Yes, you can nest Sass Maps just like Nested Lists. This is particularly useful when you want to group related data together. To access a value in a nested map, you would use the map-get function twice: map-get(map-get($map, key1), key2).

How do I iterate over a Sass Map?

You can iterate over a Sass Map using the @each directive. The @each directive takes two variables: the key and the value. Here’s an example: @each $key, $value in $map { … }.

What are the advantages of using Sass Maps over Nested Lists?

Sass Maps offer several advantages over Nested Lists. They allow for direct access to specific values, making your code more efficient and easier to read. They also provide built-in functions for manipulating maps, such as adding, removing, and updating key-value pairs.

Can I convert a Nested List to a Sass Map?

Yes, you can convert a Nested List to a Sass Map using the map-from-list function. This function takes a list of pairs and returns a map where each pair is a key-value pair in the map.

How do I use Nested Lists in Sass?

To use Nested Lists in Sass, you first need to define a list with a pair of parentheses, with each value separated by a space or comma. For example, $list: (value1, value2, value3). You can then access the values in the list using the nth function, like so: nth($list, 1).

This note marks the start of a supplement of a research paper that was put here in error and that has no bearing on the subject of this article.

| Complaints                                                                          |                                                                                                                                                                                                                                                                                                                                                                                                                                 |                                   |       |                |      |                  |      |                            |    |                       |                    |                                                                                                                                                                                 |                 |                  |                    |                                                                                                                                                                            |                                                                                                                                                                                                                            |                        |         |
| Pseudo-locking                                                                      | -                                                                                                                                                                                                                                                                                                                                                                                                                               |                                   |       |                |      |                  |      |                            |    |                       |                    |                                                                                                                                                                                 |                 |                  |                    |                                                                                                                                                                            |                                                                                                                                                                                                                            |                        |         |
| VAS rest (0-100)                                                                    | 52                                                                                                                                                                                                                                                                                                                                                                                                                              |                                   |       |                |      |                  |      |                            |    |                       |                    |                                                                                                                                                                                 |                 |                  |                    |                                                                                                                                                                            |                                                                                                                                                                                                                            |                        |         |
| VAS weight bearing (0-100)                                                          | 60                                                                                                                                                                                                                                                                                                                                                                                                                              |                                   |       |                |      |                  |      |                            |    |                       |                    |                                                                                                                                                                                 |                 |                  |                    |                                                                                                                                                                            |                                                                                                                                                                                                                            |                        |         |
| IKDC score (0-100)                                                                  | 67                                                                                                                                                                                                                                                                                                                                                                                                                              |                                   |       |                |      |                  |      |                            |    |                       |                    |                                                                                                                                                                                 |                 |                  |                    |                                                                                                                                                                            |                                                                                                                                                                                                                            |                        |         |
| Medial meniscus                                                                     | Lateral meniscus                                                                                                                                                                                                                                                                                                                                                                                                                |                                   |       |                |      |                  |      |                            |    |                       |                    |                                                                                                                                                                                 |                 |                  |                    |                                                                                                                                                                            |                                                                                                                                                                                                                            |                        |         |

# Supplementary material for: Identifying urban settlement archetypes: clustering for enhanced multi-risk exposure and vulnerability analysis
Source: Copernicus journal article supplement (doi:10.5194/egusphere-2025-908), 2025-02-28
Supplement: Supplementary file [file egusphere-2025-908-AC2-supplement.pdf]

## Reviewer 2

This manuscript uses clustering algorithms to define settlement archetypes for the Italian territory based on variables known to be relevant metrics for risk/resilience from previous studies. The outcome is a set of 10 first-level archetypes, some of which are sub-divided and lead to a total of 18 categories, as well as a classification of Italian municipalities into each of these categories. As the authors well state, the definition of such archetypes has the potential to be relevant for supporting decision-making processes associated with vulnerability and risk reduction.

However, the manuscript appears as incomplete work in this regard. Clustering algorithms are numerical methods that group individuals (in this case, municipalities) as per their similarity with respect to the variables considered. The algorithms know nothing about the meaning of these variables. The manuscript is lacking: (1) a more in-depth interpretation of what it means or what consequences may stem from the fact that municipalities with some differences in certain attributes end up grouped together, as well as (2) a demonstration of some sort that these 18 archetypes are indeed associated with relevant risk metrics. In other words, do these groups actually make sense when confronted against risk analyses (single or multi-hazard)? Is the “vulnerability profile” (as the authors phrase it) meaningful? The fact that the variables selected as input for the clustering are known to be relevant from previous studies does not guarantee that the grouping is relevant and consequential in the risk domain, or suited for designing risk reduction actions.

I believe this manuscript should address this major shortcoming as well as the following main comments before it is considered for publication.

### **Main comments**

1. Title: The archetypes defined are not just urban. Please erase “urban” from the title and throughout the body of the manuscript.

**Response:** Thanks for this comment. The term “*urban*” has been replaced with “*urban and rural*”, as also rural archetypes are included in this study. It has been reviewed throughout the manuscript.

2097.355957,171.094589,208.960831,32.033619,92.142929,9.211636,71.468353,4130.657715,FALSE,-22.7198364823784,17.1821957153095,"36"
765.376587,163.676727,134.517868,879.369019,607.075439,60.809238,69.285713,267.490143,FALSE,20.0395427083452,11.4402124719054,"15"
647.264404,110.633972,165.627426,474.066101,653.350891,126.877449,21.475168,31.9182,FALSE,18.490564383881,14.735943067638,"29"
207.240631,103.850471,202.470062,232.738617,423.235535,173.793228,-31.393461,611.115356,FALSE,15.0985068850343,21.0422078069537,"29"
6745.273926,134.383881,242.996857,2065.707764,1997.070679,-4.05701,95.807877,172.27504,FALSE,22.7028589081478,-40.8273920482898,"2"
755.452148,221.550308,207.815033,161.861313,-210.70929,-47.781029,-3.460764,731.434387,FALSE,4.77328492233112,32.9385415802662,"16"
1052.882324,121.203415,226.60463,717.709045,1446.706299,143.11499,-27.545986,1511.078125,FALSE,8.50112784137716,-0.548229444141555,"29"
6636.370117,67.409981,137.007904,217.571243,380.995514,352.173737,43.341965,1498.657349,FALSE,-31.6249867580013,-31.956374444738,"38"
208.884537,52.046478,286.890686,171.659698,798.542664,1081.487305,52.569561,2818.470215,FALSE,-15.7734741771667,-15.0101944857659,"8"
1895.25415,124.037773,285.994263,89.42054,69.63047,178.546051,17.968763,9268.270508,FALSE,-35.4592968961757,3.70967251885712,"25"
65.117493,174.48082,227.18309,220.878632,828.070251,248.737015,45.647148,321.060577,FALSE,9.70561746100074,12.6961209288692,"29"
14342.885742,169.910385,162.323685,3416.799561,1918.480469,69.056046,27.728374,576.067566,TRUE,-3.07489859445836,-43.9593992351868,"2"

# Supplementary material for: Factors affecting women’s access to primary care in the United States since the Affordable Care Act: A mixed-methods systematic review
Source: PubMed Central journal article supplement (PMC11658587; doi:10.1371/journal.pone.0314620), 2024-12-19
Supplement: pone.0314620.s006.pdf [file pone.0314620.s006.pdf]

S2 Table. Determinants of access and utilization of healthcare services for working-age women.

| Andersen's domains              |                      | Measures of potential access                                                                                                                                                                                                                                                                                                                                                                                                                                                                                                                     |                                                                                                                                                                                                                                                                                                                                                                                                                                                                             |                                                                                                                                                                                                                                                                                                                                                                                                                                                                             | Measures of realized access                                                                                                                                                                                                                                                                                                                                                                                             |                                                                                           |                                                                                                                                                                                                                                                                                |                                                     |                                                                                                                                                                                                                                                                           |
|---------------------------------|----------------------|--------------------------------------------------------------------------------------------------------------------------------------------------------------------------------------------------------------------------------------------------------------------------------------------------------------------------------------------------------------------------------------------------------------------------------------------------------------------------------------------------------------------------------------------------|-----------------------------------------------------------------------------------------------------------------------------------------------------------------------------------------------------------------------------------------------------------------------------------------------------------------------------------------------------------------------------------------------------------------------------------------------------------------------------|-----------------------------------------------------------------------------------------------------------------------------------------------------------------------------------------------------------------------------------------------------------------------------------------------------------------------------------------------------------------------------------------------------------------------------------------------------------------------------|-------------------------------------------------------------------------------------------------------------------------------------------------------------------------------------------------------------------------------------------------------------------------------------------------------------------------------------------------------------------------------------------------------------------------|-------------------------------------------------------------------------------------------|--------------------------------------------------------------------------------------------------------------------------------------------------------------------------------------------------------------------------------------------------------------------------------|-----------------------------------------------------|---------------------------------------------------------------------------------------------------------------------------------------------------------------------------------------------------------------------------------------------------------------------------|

Can I use Sass Maps and Nested Lists together?

Yes, you can use Sass Maps and Nested Lists together. For example, you could use a map to store a collection of lists, or vice versa. This can be useful for organizing complex data structures.

Are there any limitations to using Sass Maps or Nested Lists?

While Sass Maps and Nested Lists are powerful tools, they do have some limitations. For example, Sass Maps cannot have duplicate keys, and the order of keys in a map is not guaranteed. Similarly, Nested Lists can become difficult to manage if they become too large or complex.

How do I choose between using a Sass Map or a Nested List?

The choice between using a Sass Map or a Nested List depends on your specific needs. If you need direct access to specific values and the ability to manipulate data, a Sass Map may be the best choice. If you simply need to store and iterate over a collection of values, a Nested List may be sufficient.

James SteinbachJames Steinbach
View Author

James is a Senior Front-End Developer with almost 10 years total experience in freelance, contract, and agency work. He has spoken at conferences, including local WordPress meet-ups and the online WP Summit. James's favorite parts of web development include creating meaningful animations, presenting unique responsive design solutions, and pushing Sass’s limits to write powerful modular CSS. You can find out more about James at